Under my byline

Out of the shadows

Posted in Books, Q&A by Rrishi on 12 August 2007

An intimate portrait of six hidden crafts of Bengal

In the Shadows: Unknown Craftsmen of Bengal
Payal Mohanka
Niyogi Books
pp 107

This is a collection of photo essays on six crafts from villages around Kolkata — the skill- and labour-intensive manufacture of wigs, light displays, polo balls, boats, shuttlecocks and jeans. Author Payal Mohanka offers a glimpse of the lives of the craftsmen (in some cases the originators of the craft) and weighs the long-term prospects and adaptability of each craft and its practitioners.

Where did the idea come from?

I worked with TV18 for seven and a half years, reporting from Kolkata for India Business Report which was telecast every Sunday on BBC World. Ten years ago in Kolkata it was hard to find a dynamic corporate story every week, so I found I was looking at rural areas. I found at least 20 stories, and they were usually very attractive. The magazine started using them as an end-piece, to end on a picturesque note. But TV is fleeting images and time constraints, so I felt they could not do it justice. I told myself I would do a book on these stories one day.

The office closed in 2002 in Kolkata and I was on my own for a while, and first I started doing some documentaries [one on Chandernagor and one on Mother Teresa]. For this book I selected six of the most interesting crafts which were not well known. Other than the Chandernagore lights — people in Kolkata are aware of that — the rest, people even in Kolkata didn’t know they existed.

How did you do the research?

I went to the villages several times, speaking with several families, and later I went back with photographers. There was no data available in the Block Development Offices. I found that the only way to collect data was to talk to each family.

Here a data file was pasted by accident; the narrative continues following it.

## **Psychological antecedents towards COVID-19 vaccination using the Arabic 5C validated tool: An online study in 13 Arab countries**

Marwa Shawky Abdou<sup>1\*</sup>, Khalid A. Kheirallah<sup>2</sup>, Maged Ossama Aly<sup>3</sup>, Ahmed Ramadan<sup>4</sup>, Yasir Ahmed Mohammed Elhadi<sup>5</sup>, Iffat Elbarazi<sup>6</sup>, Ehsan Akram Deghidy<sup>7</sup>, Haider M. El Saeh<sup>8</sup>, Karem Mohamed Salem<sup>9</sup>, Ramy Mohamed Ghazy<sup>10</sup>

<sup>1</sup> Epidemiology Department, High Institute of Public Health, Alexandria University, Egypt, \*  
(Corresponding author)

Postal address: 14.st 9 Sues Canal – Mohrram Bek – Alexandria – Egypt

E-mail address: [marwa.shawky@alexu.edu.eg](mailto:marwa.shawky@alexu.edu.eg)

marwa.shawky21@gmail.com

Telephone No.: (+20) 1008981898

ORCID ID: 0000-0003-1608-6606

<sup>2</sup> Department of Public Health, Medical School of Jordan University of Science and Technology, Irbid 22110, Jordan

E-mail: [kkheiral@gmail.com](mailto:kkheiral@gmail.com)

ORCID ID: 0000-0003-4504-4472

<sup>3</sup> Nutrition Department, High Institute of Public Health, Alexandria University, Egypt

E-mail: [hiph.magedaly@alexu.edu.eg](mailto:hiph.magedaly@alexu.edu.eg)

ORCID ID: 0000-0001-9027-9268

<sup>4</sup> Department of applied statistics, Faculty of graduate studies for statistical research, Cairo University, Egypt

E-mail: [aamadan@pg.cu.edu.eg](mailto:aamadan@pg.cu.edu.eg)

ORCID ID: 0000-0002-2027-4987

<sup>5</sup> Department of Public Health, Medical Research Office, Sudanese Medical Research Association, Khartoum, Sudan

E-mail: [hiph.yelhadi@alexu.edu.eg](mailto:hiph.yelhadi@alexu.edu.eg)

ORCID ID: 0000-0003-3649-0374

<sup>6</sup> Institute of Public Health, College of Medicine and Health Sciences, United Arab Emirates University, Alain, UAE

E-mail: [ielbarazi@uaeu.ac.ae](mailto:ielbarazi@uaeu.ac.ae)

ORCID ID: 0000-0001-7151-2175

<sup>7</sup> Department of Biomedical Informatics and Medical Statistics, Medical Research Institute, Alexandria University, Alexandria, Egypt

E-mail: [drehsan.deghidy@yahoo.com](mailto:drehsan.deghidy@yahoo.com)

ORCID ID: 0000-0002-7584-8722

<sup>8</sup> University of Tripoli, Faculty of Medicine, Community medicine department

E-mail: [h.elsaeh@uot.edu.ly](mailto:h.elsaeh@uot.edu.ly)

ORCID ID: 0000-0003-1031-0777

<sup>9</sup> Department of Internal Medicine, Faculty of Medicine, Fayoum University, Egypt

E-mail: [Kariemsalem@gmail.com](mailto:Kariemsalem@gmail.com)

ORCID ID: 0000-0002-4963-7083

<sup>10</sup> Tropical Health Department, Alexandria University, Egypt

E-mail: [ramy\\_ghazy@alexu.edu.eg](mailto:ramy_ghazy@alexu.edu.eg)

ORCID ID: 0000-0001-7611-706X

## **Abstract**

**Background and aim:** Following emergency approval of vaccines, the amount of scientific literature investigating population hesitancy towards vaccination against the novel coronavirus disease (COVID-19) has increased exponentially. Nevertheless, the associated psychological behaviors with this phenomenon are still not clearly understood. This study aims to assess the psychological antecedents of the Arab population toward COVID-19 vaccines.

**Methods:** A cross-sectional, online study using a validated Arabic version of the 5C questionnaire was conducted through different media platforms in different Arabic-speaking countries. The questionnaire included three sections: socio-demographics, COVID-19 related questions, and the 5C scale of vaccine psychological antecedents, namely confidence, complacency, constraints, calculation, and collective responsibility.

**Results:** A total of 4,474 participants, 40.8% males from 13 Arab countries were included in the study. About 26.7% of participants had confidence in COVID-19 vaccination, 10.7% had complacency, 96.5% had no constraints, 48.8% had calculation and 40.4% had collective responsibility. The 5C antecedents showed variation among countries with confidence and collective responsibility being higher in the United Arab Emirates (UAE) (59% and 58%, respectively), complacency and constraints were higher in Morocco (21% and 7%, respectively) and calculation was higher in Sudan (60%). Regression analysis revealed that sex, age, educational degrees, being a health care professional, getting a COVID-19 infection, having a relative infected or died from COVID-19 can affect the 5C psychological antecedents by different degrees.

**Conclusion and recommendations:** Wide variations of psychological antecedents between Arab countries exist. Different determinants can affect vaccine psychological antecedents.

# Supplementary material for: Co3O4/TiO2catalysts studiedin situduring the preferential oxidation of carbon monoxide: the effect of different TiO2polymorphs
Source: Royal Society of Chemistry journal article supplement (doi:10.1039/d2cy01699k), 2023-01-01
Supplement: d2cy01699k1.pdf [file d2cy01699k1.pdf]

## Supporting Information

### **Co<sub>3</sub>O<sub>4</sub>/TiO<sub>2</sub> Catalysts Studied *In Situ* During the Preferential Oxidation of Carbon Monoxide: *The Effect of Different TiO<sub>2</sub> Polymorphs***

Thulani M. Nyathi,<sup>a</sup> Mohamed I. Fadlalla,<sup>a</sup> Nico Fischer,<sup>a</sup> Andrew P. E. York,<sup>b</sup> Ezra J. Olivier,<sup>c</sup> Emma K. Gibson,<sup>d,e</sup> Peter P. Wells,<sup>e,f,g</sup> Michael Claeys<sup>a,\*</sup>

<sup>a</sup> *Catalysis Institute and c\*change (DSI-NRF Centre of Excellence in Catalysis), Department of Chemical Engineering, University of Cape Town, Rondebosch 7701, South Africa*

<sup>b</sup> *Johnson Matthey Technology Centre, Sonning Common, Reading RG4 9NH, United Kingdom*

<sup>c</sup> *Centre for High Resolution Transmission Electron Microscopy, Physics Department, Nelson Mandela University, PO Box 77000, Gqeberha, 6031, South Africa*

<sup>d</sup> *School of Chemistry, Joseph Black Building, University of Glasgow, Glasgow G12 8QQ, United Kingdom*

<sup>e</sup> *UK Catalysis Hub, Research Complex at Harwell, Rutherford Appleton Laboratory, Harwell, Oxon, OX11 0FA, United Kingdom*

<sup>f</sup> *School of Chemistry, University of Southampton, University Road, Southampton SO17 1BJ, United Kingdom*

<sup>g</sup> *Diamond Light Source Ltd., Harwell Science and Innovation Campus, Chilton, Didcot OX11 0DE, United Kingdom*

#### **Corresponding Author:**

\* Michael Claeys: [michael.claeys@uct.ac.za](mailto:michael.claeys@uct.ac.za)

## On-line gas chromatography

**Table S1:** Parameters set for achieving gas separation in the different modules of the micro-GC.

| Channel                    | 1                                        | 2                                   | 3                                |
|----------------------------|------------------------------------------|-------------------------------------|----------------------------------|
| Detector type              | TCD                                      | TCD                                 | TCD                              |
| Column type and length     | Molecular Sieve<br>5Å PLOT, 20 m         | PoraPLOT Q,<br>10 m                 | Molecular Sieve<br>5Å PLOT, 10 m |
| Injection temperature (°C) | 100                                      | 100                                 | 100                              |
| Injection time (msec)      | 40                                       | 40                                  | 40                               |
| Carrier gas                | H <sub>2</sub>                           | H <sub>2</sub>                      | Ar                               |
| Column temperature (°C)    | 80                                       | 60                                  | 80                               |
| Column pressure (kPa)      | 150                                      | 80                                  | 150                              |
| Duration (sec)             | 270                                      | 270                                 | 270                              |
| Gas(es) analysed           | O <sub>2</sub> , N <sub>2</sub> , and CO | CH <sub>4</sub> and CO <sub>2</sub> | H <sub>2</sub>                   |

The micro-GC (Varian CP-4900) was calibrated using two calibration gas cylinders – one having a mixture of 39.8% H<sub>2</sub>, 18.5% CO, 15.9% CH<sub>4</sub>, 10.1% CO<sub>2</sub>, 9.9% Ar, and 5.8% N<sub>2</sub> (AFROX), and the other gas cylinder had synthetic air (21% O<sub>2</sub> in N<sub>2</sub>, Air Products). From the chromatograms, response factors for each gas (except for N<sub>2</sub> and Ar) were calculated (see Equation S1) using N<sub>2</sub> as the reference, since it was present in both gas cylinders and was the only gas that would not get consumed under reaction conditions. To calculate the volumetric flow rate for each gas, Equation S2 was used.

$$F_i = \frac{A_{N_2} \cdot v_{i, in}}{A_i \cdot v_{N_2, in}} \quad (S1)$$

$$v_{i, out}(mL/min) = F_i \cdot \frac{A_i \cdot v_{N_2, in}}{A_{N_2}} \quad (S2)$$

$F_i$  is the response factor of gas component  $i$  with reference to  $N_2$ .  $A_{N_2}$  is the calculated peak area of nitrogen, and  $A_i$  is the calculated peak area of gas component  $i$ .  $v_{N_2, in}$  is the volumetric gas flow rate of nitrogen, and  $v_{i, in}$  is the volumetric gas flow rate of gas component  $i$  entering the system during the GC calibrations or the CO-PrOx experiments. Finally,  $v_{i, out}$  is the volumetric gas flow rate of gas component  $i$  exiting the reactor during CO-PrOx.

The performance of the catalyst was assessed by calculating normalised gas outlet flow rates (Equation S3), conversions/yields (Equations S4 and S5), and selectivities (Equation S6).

Each craft shows great practical creativity in translating ideas to reality — but the craft was started 80 or 100 years ago. How much innovation happens?

In the jeans village, they have constantly got an eye open for any new style that comes from Mumbai. It’s just that where others do the work by machine, these do it by hand. In the boats village, the boatmakers realise that speed is important, so they are now fitting engines to their boats. In Chandernagor, they have their ears to the ground — for any topical issue.

Who buys the light displays on social and political issues?

They get orders from local puja pandal committees in Kolkata. When Princess Diana died… whatever is important that year, they want something to remind you of it. Each pandal has a huge structure and a theme. It’s almost like a competition. [The Chandernagor lights-makers have] done it for decades now.

Most of the crafts seem to have been started by single individuals, and then other villagers took it up. Is there unhappiness about the competition?

Surprisingly, no. Of course they are aware that there are so many people, so their rates have to be competitive. But village folk have basic needs, and once they are satisfied they don’t worry too much beyond that. Jeans and shuttlecocks are doing good business, so their children are aso interested in taking it up. The polo balls are really in decline, so their kids are reluctant to take it up.

It’s touching sometimes the way they try to improve. The man who makes polo balls, he talks about how he takes them to Calcutta and delivers them personally. He sits with the players and tries to look for customer feedback.

Women are hardly mentioned in the book. Why is that?

There’s a lot of work being done in the houses. [Women] do the jobwork, in between running the house, feeding their children.

Is there child labour?

I didn’t see any child labour. The villagers are very very conscious, aware that it’s not to be done. They let the women chip in — except for the boats, because that requires a certain strength — with the light, mechanical work, not the children.

What sort of response has there been?

Union minister Chidambaram released the book in Delhi. The government may create a cluster development fund, an independent agency. The jeans village faces threats from local government about water treatment [because of effluents from chemical treatment of denim], so if they can get help with water treatment, they will be happy to continue.

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